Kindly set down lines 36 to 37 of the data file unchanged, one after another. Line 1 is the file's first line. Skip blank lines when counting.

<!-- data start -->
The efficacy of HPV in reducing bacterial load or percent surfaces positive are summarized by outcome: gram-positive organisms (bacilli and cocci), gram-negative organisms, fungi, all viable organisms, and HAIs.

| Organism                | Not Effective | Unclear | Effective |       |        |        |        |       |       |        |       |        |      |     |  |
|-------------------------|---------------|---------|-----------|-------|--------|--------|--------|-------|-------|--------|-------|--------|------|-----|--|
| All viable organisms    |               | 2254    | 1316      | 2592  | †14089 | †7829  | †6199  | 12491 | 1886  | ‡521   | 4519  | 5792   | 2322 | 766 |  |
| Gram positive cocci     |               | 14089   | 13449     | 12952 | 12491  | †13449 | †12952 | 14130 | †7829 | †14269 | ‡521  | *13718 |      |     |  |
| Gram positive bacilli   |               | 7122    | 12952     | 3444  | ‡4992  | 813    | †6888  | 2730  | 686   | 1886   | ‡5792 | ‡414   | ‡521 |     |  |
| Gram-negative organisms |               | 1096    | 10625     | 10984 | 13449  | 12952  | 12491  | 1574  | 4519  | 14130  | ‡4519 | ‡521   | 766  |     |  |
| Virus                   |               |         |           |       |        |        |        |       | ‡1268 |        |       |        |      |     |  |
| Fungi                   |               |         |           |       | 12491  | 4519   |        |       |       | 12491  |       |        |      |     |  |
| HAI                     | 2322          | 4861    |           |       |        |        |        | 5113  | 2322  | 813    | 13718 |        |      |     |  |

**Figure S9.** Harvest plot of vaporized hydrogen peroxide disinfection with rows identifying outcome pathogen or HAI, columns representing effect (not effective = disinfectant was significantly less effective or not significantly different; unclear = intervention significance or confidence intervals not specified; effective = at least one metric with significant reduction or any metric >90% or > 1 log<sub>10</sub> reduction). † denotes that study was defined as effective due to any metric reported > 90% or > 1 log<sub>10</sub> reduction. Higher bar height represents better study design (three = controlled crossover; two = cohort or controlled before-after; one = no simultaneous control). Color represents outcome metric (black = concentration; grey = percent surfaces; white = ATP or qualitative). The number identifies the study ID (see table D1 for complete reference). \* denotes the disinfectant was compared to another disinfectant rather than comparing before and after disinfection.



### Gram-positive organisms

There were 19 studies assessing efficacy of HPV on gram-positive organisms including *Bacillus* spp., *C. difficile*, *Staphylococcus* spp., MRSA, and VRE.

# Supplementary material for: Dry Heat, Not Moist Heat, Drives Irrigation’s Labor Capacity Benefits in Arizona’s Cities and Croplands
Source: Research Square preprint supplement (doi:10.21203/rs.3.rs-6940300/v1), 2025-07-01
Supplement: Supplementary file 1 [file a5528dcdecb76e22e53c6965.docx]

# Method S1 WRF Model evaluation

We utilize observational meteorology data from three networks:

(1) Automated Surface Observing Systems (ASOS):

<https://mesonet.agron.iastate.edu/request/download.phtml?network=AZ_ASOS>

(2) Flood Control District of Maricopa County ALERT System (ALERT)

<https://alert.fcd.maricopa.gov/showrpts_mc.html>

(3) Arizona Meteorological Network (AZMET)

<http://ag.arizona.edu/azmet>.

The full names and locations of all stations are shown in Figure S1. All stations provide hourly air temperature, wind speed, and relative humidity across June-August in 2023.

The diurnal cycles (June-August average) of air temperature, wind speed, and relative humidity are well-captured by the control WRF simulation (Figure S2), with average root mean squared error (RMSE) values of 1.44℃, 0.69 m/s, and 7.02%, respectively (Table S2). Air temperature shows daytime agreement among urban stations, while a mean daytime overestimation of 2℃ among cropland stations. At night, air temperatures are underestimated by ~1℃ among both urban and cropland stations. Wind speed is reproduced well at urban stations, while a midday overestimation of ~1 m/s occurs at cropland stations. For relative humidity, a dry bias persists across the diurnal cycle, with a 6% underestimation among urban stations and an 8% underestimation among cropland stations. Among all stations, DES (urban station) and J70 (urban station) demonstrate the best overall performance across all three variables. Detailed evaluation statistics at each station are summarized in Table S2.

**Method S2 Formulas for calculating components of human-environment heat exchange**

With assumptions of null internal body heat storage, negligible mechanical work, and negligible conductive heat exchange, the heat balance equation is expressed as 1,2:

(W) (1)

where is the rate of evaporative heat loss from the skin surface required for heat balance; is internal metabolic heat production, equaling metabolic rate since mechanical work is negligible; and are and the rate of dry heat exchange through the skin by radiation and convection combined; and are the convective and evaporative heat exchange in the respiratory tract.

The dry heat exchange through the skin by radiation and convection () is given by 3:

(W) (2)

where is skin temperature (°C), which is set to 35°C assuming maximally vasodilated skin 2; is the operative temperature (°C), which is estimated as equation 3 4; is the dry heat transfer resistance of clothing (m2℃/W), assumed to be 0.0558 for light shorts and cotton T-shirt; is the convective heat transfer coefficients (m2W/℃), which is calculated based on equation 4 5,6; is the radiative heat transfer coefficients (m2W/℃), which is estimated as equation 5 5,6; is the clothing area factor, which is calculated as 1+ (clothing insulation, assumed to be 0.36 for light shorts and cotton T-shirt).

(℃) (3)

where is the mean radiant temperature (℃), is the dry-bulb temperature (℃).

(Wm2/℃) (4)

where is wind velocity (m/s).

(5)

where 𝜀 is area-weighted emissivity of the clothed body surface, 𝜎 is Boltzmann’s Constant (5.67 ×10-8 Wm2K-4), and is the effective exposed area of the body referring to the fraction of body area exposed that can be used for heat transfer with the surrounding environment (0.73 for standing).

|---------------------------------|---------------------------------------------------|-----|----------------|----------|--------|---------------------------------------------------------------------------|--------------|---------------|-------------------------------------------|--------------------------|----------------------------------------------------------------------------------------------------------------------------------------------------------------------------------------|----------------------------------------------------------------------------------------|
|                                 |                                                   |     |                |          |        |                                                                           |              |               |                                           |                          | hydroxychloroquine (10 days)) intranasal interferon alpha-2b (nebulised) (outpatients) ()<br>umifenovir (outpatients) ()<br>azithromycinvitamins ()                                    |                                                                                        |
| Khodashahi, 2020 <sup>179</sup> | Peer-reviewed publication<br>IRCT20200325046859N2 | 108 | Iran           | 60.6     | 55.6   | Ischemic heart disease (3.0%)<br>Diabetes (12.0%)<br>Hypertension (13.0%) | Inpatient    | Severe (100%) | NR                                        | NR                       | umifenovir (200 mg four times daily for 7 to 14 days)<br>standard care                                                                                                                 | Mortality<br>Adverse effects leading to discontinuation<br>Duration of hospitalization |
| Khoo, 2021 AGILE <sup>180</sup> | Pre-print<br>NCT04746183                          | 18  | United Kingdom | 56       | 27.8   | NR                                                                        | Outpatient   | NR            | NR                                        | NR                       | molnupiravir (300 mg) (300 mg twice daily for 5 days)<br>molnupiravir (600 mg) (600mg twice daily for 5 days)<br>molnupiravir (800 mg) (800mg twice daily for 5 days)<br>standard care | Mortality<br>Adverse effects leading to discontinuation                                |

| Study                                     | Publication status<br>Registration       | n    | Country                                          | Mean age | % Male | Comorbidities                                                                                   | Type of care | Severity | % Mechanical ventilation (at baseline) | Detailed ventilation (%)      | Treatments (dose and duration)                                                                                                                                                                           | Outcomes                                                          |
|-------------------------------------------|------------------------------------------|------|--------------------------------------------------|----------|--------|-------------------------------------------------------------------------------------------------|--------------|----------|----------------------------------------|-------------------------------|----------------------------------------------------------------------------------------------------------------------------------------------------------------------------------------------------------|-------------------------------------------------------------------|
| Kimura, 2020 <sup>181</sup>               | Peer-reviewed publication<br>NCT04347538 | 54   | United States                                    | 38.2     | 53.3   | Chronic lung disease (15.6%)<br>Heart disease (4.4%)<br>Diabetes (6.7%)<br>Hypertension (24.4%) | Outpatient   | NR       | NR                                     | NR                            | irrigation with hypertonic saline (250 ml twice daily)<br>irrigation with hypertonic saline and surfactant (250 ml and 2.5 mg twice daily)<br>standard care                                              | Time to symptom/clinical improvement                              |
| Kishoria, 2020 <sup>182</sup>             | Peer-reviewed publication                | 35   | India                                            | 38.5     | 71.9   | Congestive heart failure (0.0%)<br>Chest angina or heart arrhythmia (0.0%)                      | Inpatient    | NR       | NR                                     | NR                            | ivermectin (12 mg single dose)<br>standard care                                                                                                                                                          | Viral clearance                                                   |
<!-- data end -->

(Wm2/℃) (4)

where is wind velocity (m/s).